Thursday, December 07, 2006

Chain stores downtown: another perspective

In the brouhaha over "formula businesses" in downtown Portland, an article in the latest issue of The Atlantic brings some important arguments to the debate.

Unfortunately, the links above don't quote the entire article, but the Houston Strategies blog (highly recommended reading, whether or not you live in Texas) quotes extensively from the article, and adds some Space City perspective.

Particularly applicable to the debate in Portland are these arguments: that chains "increase local variety, even as they reduce the differences from place to place," and that "Chains let people in a city of 250,000 enjoy retail amenities once available only in a huge metropolitan center."

There are times when author Virginia Postrel seems to be writing specifically about Portland: "Contrary to the rhetoric of bored cosmopolites, most cities don’t exist primarily to please tourists." Zing!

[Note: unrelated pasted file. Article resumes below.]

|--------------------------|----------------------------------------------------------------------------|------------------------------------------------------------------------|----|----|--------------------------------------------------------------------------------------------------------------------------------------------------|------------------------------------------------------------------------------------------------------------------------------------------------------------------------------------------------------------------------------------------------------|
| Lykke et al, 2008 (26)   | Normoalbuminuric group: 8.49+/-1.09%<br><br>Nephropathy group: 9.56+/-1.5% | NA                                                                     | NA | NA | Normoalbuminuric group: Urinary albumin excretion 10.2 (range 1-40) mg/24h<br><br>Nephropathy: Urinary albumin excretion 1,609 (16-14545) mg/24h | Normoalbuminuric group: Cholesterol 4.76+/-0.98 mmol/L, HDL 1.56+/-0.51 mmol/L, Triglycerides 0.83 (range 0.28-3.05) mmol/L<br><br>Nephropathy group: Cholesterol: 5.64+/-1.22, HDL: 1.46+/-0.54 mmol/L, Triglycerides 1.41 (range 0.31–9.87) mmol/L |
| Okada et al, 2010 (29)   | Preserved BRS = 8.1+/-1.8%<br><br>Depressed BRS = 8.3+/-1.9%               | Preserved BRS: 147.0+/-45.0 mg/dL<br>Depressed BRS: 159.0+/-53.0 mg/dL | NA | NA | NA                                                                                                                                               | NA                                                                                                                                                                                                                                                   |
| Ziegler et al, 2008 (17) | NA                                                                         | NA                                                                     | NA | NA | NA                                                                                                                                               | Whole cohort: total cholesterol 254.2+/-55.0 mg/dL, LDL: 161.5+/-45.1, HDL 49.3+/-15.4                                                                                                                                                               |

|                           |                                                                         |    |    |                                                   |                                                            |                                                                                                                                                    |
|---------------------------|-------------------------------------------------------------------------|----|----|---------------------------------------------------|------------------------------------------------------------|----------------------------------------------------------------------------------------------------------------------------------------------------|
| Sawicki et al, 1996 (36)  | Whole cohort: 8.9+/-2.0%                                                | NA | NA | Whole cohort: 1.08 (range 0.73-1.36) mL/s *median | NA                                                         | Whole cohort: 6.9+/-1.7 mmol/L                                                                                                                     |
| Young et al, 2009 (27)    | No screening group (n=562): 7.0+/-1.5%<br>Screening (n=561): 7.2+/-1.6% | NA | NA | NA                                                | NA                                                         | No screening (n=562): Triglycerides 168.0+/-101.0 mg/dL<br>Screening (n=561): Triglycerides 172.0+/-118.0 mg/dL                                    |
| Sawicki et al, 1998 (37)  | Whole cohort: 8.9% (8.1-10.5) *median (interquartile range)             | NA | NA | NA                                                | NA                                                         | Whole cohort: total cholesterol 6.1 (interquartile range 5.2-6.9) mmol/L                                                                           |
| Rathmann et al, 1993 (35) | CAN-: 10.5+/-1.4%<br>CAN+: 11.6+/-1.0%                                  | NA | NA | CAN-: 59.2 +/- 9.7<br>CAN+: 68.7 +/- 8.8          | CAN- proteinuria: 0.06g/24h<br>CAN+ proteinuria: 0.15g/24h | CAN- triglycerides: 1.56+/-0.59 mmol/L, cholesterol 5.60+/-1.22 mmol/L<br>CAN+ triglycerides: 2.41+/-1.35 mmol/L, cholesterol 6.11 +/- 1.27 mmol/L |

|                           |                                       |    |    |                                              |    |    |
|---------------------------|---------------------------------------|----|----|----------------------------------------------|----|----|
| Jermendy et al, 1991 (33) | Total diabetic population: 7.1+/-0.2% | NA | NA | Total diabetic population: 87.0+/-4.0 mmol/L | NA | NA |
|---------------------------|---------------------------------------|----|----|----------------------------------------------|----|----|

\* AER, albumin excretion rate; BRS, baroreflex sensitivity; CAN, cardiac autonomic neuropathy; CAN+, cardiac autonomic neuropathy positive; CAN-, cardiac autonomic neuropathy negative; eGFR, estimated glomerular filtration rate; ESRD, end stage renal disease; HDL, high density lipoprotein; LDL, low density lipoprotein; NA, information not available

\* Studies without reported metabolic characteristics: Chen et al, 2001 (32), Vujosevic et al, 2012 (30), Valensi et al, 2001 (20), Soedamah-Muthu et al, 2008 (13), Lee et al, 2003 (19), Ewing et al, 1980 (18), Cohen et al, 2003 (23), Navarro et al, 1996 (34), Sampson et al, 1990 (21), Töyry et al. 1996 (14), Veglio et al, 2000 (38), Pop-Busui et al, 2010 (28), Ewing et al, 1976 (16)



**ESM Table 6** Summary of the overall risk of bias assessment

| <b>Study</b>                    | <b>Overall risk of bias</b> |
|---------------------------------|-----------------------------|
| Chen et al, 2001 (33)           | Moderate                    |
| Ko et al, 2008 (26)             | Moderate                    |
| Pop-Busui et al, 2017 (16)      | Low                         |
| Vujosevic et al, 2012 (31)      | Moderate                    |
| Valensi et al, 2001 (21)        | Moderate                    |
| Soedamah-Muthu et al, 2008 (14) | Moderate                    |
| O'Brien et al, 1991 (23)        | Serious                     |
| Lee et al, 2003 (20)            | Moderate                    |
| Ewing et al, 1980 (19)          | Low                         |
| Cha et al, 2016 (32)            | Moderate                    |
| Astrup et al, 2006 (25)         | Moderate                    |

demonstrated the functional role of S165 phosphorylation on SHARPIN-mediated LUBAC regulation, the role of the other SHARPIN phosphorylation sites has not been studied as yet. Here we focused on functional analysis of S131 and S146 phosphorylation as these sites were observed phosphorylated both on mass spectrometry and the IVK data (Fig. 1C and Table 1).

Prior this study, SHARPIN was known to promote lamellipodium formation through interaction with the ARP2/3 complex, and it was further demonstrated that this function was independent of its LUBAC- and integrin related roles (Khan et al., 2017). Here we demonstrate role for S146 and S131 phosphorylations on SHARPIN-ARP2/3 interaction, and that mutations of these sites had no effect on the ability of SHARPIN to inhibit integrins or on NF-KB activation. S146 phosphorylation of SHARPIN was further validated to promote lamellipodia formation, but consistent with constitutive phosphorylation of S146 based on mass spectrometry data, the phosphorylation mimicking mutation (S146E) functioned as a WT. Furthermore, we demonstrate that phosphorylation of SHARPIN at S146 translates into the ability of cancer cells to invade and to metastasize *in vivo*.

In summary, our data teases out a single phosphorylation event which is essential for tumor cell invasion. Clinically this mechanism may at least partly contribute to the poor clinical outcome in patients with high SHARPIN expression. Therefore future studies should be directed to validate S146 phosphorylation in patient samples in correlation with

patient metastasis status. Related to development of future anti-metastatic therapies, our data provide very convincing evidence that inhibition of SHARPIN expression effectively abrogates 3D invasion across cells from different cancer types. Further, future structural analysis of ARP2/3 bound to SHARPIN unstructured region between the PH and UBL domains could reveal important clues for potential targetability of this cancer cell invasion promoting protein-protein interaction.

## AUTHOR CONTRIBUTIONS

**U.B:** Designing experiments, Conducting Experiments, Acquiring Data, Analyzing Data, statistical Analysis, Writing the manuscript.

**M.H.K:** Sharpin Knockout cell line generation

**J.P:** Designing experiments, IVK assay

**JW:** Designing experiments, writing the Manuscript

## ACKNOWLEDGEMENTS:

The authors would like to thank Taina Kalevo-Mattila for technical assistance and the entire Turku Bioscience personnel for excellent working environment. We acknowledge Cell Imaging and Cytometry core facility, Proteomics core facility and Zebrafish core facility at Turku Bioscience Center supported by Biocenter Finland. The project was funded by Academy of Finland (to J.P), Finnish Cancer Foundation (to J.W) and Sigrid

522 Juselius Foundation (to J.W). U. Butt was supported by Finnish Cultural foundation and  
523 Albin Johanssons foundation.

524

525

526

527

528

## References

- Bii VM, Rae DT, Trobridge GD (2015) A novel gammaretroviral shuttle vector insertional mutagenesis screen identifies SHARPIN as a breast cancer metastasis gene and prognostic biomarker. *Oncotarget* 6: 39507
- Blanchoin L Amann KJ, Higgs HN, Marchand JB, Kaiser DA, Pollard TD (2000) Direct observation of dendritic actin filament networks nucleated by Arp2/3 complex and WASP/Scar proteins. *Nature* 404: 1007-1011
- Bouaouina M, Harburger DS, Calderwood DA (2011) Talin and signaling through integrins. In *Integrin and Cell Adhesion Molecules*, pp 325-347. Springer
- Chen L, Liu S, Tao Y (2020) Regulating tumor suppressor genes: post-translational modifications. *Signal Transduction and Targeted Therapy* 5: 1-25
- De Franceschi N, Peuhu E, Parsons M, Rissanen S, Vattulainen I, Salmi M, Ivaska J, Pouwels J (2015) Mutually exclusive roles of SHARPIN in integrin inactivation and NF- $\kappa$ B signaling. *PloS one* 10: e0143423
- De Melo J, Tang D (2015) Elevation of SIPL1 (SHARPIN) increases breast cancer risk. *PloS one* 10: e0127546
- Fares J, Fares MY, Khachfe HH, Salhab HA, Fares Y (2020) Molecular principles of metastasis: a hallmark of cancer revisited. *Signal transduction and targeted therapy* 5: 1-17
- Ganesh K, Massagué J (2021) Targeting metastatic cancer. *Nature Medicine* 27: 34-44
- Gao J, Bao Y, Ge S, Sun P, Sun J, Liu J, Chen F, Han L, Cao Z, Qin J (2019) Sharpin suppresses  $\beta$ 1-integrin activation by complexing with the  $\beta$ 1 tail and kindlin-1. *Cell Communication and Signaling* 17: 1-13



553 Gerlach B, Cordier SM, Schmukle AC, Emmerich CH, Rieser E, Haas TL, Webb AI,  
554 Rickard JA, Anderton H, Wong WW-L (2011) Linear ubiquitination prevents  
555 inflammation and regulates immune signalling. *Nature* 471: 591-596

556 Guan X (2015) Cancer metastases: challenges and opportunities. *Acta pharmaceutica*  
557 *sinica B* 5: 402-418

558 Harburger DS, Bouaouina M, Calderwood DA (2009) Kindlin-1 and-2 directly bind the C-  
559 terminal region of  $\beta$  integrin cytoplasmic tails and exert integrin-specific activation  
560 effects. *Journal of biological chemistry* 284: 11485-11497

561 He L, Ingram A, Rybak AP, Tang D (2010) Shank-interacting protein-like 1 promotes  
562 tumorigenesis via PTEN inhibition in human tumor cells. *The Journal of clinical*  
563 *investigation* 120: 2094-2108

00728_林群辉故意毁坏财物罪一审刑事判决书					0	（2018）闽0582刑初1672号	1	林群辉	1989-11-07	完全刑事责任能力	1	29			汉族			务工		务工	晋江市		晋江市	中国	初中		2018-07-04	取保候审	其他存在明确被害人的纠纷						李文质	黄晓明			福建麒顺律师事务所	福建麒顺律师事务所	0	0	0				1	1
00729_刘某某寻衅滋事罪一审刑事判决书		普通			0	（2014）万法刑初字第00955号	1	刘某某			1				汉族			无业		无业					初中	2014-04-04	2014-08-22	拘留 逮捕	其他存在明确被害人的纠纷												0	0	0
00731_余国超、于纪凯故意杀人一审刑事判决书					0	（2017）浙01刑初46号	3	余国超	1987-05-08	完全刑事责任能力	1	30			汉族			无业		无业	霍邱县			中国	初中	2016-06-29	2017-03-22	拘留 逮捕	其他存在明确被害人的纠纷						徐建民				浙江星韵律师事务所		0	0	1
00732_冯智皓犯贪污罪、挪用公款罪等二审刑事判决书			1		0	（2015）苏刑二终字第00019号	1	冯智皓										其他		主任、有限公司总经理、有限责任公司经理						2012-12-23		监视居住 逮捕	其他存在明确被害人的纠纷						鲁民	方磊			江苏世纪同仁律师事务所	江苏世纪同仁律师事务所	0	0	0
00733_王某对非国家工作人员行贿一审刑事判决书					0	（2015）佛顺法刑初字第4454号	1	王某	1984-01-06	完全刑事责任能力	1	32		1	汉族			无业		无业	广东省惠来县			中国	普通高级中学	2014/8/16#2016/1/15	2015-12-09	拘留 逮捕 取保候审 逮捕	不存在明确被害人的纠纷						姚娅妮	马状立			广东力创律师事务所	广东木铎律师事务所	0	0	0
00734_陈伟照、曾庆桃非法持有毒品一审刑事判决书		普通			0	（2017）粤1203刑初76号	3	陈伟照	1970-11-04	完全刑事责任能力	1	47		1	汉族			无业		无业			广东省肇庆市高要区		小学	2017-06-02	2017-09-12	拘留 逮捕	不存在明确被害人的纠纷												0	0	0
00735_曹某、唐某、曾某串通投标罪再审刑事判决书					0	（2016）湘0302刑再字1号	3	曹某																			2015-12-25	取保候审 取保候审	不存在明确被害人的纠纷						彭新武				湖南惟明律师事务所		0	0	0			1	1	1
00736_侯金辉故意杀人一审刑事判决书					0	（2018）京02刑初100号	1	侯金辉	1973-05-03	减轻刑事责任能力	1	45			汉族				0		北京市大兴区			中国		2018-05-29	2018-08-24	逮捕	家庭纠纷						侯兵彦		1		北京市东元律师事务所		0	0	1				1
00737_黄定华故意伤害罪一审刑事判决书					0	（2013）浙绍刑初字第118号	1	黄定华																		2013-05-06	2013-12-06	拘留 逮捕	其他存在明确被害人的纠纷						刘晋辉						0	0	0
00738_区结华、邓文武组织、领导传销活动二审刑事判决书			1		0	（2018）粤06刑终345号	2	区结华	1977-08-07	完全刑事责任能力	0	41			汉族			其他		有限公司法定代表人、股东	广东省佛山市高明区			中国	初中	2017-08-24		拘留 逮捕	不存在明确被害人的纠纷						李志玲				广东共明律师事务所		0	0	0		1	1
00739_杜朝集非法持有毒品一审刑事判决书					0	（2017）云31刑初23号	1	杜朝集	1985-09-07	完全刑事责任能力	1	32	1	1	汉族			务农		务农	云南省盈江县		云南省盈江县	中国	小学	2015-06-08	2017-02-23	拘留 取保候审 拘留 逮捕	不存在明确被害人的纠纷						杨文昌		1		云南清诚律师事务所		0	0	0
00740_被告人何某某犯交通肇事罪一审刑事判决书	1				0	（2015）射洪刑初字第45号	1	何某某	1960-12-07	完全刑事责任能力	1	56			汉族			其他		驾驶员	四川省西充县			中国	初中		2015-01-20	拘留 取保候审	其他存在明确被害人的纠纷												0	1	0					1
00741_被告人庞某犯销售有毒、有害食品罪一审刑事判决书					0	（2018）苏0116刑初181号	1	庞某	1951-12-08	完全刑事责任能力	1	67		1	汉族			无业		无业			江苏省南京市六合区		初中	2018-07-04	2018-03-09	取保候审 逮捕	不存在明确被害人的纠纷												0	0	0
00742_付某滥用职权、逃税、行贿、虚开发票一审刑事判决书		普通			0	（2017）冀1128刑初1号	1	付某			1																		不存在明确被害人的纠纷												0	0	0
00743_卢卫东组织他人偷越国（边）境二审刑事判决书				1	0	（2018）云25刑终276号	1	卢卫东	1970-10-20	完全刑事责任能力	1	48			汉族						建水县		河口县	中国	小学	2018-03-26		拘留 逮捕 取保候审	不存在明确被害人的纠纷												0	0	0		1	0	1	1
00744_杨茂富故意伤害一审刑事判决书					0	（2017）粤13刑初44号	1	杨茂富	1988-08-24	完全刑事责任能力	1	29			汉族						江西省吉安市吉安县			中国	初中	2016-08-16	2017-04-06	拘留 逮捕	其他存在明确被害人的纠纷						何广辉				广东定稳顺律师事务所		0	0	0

And there are some choice quotes from planning consultant Robert Gibbs, who works with cities to help revive moribund downtown areas:
To his frustration, he finds that many cities actually turn away national chains, preferring a moribund downtown that seems authentically local. But, he says, the same local activists who oppose chains “want specialty retail that sells exactly what the chains sell—the same price, the same fit, the same qualities, the same sizes, the same brands, even.” You can show people pictures of a Pottery Barn with nothing but the name changed, he says, and they’ll love the store. So downtown stores stay empty, or sell low-value tourist items like candles and kites, while the chains open on the edge of town. In the name of urbanism, officials and activists in cities like Ann Arbor and Fort Collins, Colorado, are driving business to the suburbs. “If people like shopping at the Banana Republic or the Gap, if that’s your market—or Payless Shoes—why not?” says an exasperated Gibbs. “Why not sell the goods and services people want?”

Candles and kites? She's got to be writing about Portland. Or maybe she's talking about any one of thousands of quaint tourist trap communities. It's hard to tell - kind of like driving through a strip of chain stores.

Related post: Buy Local, While You Still Can (November 20)

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